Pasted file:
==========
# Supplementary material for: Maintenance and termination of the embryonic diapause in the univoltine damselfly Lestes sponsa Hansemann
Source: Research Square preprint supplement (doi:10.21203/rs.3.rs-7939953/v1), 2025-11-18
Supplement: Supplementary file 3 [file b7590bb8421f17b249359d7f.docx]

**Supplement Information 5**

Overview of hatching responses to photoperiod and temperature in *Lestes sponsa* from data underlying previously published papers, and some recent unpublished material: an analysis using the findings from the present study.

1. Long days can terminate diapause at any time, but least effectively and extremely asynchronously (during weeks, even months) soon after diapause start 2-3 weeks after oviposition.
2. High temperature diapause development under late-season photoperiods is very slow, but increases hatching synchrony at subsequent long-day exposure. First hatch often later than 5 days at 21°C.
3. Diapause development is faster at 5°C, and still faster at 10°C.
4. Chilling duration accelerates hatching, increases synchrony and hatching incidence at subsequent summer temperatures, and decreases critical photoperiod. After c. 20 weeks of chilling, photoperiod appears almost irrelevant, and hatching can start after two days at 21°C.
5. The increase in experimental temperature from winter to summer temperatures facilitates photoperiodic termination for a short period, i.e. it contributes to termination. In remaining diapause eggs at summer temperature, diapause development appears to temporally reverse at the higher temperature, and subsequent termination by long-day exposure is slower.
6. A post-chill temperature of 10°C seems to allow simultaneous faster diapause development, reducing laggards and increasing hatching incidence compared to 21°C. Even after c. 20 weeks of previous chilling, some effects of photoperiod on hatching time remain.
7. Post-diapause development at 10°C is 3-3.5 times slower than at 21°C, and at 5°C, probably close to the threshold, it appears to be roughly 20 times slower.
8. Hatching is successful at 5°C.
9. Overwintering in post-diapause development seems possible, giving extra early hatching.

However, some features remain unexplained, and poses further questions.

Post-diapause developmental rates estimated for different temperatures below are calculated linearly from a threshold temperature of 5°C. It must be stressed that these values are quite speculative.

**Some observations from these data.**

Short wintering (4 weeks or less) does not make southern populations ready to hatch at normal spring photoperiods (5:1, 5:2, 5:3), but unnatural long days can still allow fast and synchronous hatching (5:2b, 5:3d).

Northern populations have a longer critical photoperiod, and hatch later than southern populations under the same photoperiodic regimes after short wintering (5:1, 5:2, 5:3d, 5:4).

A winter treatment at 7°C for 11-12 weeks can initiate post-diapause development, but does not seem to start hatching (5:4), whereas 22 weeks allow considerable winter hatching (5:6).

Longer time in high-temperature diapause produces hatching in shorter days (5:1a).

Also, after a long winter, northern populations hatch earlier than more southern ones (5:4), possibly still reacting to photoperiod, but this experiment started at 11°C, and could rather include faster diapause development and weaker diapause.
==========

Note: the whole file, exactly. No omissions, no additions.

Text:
# Supplementary material for: Maintenance and termination of the embryonic diapause in the univoltine damselfly Lestes sponsa Hansemann
Source: Research Square preprint supplement (doi:10.21203/rs.3.rs-7939953/v1), 2025-11-18
Supplement: Supplementary file 3 [file b7590bb8421f17b249359d7f.docx]

**Supplement Information 5**

Overview of hatching responses to photoperiod and temperature in *Lestes sponsa* from data underlying previously published papers, and some recent unpublished material: an analysis using the findings from the present study.

1. Long days can terminate diapause at any time, but least effectively and extremely asynchronously (during weeks, even months) soon after diapause start 2-3 weeks after oviposition.
2. High temperature diapause development under late-season photoperiods is very slow, but increases hatching synchrony at subsequent long-day exposure. First hatch often later than 5 days at 21°C.
3. Diapause development is faster at 5°C, and still faster at 10°C.
4. Chilling duration accelerates hatching, increases synchrony and hatching incidence at subsequent summer temperatures, and decreases critical photoperiod. After c. 20 weeks of chilling, photoperiod appears almost irrelevant, and hatching can start after two days at 21°C.
5. The increase in experimental temperature from winter to summer temperatures facilitates photoperiodic termination for a short period, i.e. it contributes to termination. In remaining diapause eggs at summer temperature, diapause development appears to temporally reverse at the higher temperature, and subsequent termination by long-day exposure is slower.
6. A post-chill temperature of 10°C seems to allow simultaneous faster diapause development, reducing laggards and increasing hatching incidence compared to 21°C. Even after c. 20 weeks of previous chilling, some effects of photoperiod on hatching time remain.
7. Post-diapause development at 10°C is 3-3.5 times slower than at 21°C, and at 5°C, probably close to the threshold, it appears to be roughly 20 times slower.
8. Hatching is successful at 5°C.
9. Overwintering in post-diapause development seems possible, giving extra early hatching.

However, some features remain unexplained, and poses further questions.

Post-diapause developmental rates estimated for different temperatures below are calculated linearly from a threshold temperature of 5°C. It must be stressed that these values are quite speculative.

**Some observations from these data.**

Short wintering (4 weeks or less) does not make southern populations ready to hatch at normal spring photoperiods (5:1, 5:2, 5:3), but unnatural long days can still allow fast and synchronous hatching (5:2b, 5:3d).

Northern populations have a longer critical photoperiod, and hatch later than southern populations under the same photoperiodic regimes after short wintering (5:1, 5:2, 5:3d, 5:4).

A winter treatment at 7°C for 11-12 weeks can initiate post-diapause development, but does not seem to start hatching (5:4), whereas 22 weeks allow considerable winter hatching (5:6).

Longer time in high-temperature diapause produces hatching in shorter days (5:1a).

Also, after a long winter, northern populations hatch earlier than more southern ones (5:4), possibly still reacting to photoperiod, but this experiment started at 11°C, and could rather include faster diapause development and weaker diapause.